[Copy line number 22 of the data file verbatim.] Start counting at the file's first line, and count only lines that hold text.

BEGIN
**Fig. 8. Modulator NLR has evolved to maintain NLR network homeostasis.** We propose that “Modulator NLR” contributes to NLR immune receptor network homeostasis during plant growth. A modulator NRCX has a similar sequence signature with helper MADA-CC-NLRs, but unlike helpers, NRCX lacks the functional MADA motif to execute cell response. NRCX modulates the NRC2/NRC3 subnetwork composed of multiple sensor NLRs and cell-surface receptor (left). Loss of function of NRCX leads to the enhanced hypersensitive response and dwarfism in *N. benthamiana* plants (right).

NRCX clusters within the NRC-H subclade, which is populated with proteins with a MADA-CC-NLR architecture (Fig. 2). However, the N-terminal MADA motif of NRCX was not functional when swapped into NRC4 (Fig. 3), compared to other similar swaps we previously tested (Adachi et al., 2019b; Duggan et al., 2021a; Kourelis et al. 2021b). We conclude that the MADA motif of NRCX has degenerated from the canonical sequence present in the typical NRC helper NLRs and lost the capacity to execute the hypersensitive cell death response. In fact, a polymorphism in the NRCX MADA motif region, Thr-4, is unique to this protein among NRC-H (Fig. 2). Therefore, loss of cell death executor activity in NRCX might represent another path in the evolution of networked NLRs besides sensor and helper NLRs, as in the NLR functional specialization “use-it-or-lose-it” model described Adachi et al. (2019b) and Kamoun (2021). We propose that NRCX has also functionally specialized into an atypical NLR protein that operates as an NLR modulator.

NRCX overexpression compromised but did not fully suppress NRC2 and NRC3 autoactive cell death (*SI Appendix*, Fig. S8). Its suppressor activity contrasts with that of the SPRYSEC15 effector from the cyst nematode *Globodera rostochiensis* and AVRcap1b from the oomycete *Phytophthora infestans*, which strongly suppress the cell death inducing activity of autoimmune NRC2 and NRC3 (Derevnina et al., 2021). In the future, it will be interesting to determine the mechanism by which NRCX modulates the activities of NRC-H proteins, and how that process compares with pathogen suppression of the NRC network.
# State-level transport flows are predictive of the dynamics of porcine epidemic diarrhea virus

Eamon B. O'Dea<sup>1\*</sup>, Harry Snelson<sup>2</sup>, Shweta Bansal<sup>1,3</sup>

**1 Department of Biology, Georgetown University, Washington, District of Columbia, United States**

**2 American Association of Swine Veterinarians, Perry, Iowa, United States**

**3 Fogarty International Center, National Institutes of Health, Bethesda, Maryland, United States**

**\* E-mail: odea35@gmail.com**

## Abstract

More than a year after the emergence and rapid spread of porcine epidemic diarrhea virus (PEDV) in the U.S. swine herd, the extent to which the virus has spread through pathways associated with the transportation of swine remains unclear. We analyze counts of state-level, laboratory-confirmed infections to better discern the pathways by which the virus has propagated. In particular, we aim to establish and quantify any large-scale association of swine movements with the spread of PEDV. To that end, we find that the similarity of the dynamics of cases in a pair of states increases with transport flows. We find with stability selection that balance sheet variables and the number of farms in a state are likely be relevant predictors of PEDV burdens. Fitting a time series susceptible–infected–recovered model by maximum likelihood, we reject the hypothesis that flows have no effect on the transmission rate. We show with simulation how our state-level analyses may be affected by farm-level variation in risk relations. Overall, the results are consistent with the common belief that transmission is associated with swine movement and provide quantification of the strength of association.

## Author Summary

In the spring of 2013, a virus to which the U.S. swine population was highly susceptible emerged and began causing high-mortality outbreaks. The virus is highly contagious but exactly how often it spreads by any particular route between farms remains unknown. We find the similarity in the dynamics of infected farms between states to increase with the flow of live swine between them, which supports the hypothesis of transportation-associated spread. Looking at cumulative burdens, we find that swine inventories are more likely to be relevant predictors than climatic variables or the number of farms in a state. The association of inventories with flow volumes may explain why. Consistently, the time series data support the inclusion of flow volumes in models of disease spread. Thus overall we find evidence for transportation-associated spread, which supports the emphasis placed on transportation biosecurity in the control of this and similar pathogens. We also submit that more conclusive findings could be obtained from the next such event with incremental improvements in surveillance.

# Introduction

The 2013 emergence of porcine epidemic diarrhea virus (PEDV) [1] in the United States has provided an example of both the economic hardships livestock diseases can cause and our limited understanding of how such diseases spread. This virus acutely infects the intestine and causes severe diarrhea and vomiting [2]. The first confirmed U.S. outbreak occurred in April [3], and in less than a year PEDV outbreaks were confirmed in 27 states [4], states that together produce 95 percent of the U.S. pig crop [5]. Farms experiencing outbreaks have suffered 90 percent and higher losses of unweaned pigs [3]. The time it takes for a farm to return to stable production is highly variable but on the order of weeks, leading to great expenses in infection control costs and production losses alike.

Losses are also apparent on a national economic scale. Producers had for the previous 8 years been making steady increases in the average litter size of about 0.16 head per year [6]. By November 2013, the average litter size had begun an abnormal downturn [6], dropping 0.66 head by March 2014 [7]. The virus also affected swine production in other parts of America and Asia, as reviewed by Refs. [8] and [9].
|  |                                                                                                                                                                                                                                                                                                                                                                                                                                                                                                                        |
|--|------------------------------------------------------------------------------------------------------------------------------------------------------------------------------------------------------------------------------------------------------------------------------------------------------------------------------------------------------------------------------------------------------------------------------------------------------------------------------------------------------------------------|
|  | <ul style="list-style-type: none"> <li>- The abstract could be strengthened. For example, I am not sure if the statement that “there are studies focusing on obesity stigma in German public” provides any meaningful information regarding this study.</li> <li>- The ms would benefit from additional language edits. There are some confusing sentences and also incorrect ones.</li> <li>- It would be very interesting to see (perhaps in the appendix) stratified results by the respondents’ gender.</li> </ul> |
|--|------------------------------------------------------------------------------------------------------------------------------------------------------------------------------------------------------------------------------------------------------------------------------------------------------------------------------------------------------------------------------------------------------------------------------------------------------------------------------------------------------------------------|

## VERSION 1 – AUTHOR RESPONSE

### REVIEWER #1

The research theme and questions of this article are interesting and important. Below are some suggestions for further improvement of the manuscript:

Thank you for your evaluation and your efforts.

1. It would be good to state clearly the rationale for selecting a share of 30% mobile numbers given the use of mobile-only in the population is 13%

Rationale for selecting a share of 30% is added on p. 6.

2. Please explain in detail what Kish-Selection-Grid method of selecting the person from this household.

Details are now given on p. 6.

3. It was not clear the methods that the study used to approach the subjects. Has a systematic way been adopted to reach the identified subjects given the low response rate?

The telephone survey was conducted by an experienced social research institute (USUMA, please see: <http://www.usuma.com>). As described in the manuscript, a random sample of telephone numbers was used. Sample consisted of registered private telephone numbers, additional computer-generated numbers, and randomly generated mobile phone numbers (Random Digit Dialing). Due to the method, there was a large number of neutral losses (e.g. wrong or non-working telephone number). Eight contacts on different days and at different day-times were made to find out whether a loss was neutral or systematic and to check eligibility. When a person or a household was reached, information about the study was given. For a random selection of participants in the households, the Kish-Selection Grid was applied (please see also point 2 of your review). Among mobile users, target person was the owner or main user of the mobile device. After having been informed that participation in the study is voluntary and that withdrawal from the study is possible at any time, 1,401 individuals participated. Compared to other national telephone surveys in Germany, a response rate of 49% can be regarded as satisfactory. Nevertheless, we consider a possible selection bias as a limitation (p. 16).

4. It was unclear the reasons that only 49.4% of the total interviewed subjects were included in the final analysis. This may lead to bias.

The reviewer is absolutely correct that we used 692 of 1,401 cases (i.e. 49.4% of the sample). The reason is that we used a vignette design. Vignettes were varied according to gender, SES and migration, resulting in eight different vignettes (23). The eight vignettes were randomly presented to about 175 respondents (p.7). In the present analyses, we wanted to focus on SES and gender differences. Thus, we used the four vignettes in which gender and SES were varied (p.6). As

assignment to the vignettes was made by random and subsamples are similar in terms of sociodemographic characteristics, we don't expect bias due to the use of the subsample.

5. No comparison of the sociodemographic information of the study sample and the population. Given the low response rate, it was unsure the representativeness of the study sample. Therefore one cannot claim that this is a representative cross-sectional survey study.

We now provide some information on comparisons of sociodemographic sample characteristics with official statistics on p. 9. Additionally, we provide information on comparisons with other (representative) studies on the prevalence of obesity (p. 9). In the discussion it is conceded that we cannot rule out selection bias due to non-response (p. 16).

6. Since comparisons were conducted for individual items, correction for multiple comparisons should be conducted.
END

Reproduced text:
### REVIEWER #1